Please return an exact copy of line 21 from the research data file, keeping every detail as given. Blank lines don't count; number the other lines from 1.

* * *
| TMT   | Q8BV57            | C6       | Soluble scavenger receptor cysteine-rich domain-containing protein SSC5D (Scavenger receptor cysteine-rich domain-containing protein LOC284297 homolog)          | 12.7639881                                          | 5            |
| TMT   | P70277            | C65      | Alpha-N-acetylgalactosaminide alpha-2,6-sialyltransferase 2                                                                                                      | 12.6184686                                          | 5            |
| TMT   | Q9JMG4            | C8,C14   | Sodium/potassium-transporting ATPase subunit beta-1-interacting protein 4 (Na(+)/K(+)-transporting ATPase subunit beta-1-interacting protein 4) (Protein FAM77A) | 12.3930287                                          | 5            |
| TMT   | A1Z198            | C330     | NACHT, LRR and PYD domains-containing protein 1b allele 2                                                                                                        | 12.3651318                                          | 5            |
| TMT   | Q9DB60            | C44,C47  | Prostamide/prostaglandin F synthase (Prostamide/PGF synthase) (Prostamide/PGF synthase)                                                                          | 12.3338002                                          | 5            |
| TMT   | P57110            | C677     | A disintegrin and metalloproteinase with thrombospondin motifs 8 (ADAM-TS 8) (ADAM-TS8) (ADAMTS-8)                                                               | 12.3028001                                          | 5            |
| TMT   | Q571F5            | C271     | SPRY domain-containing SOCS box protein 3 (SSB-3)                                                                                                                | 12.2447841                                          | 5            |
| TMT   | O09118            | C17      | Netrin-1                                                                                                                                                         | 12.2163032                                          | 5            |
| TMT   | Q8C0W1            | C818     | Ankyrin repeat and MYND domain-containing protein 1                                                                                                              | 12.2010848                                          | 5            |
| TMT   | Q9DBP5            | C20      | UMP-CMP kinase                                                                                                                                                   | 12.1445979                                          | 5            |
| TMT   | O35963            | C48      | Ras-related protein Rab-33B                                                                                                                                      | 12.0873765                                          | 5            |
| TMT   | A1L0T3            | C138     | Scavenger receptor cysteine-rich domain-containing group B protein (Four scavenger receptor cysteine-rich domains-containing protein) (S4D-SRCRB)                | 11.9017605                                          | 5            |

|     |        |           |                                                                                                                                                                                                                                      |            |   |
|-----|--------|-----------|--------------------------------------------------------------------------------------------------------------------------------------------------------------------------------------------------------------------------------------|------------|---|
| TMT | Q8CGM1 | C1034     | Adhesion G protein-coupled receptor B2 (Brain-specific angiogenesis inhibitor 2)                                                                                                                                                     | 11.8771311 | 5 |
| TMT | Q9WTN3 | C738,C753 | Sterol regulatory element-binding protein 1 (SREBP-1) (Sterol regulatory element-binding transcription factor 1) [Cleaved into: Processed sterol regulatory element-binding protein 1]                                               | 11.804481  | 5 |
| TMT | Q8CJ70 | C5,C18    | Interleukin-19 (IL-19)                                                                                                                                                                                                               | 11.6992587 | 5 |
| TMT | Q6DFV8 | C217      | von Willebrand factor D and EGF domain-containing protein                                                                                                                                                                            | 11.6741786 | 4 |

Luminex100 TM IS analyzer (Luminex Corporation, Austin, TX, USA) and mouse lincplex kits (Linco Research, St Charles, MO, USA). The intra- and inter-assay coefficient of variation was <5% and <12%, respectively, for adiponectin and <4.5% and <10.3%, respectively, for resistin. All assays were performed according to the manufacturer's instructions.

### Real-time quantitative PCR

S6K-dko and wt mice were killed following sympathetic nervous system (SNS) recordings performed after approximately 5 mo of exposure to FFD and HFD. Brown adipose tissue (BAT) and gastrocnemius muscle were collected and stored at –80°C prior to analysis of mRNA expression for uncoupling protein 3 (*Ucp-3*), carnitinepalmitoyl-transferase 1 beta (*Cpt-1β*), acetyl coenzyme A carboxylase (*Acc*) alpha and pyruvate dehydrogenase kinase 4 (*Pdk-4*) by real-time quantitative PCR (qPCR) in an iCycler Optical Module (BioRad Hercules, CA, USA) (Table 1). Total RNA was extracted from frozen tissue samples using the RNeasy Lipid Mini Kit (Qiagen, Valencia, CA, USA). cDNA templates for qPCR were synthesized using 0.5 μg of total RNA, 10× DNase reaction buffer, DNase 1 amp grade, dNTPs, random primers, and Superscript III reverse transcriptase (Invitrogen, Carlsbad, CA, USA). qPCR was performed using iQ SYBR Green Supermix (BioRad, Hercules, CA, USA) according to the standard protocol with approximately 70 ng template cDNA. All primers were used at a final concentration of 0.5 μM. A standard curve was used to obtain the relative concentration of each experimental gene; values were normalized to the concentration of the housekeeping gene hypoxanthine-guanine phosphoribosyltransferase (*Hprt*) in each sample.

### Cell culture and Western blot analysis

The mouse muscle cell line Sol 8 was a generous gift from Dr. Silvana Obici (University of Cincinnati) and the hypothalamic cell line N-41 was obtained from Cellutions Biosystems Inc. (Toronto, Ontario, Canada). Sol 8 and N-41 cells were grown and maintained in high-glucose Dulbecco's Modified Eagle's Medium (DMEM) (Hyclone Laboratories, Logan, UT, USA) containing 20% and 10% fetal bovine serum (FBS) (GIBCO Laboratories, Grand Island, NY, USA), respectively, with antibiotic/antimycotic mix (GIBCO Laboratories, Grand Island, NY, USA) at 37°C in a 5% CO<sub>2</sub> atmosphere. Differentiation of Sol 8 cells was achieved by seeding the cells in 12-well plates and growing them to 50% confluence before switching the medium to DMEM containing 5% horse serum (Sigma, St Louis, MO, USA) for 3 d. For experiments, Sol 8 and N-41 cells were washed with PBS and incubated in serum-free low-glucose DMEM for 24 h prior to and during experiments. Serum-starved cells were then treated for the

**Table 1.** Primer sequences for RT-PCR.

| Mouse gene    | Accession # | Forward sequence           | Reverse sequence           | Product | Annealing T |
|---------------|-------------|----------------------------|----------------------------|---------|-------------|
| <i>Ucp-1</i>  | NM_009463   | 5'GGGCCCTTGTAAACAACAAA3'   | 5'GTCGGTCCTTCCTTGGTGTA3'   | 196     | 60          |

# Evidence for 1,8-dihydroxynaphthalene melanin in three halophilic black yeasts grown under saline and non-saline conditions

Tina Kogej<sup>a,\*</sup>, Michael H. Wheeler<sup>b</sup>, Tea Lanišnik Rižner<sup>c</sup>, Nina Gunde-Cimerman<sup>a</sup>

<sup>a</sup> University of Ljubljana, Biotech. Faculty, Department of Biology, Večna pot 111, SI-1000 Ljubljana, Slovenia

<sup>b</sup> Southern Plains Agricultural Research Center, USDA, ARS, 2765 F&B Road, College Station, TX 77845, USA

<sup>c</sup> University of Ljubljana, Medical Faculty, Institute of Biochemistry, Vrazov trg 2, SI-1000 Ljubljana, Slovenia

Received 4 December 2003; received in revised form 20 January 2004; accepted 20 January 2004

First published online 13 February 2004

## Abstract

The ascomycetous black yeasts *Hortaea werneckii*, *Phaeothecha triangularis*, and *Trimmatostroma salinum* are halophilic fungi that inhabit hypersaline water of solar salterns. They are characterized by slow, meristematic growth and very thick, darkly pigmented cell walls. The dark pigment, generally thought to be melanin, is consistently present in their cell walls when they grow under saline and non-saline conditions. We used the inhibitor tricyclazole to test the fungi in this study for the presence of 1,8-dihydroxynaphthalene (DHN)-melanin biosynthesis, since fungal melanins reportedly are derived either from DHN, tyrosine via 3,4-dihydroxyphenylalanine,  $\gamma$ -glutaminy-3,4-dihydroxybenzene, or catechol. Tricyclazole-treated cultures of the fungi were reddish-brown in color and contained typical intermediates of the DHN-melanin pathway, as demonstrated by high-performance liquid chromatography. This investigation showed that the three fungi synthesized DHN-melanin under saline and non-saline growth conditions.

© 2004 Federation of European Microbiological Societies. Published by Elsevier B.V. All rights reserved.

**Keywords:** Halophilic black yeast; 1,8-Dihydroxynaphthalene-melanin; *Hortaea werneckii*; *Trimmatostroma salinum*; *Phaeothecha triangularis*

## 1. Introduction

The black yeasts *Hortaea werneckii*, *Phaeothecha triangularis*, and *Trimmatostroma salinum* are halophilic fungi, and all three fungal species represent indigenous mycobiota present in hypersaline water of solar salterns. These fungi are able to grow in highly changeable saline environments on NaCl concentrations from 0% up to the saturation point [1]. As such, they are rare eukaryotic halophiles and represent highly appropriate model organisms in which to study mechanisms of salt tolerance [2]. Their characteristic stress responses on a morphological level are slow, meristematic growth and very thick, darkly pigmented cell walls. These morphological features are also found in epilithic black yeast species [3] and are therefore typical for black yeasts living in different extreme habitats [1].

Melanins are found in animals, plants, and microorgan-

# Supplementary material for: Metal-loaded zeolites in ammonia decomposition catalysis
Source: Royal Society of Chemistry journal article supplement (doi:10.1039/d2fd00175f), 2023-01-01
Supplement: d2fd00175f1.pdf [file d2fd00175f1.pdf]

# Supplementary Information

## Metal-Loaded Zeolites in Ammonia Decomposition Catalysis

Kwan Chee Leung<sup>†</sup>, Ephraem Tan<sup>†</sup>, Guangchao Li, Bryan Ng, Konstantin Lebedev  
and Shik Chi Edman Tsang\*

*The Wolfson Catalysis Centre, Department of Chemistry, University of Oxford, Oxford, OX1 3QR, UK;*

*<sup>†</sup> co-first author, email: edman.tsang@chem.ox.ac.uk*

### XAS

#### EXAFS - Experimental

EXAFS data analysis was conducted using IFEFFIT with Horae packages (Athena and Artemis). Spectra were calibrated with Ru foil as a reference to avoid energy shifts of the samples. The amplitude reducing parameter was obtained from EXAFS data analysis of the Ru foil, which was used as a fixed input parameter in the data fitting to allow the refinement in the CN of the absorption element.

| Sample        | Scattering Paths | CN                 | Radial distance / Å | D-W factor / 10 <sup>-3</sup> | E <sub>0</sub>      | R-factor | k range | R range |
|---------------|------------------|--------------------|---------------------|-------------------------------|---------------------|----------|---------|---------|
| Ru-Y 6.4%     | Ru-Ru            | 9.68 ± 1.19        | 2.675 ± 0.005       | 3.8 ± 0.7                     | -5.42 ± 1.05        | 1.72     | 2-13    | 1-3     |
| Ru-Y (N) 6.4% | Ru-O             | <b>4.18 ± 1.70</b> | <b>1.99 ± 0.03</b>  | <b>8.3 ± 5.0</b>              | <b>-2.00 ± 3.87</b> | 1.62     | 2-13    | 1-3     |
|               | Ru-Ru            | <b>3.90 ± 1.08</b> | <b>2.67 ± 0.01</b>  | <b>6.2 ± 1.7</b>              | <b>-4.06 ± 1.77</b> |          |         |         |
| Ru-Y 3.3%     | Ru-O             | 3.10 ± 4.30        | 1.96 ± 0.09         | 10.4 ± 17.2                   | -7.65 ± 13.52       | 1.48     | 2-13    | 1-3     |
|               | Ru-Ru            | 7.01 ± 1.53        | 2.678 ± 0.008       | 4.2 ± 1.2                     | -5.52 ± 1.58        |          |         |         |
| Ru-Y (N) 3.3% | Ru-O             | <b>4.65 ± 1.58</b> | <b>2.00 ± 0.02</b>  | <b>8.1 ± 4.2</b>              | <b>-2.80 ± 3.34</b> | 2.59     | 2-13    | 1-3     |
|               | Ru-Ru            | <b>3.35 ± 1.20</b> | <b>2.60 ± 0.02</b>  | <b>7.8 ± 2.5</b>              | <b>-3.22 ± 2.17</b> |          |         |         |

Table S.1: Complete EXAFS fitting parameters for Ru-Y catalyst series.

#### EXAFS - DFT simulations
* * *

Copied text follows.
S6K-dko and wt mice were killed following sympathetic nervous system (SNS) recordings performed after approximately 5 mo of exposure to FFD and HFD. Brown adipose tissue (BAT) and gastrocnemius muscle were collected and stored at –80°C prior to analysis of mRNA expression for uncoupling protein 3 (*Ucp-3*), carnitinepalmitoyl-transferase 1 beta (*Cpt-1β*), acetyl coenzyme A carboxylase (*Acc*) alpha and pyruvate dehydrogenase kinase 4 (*Pdk-4*) by real-time quantitative PCR (qPCR) in an iCycler Optical Module (BioRad Hercules, CA, USA) (Table 1). Total RNA was extracted from frozen tissue samples using the RNeasy Lipid Mini Kit (Qiagen, Valencia, CA, USA). cDNA templates for qPCR were synthesized using 0.5 μg of total RNA, 10× DNase reaction buffer, DNase 1 amp grade, dNTPs, random primers, and Superscript III reverse transcriptase (Invitrogen, Carlsbad, CA, USA). qPCR was performed using iQ SYBR Green Supermix (BioRad, Hercules, CA, USA) according to the standard protocol with approximately 70 ng template cDNA. All primers were used at a final concentration of 0.5 μM. A standard curve was used to obtain the relative concentration of each experimental gene; values were normalized to the concentration of the housekeeping gene hypoxanthine-guanine phosphoribosyltransferase (*Hprt*) in each sample.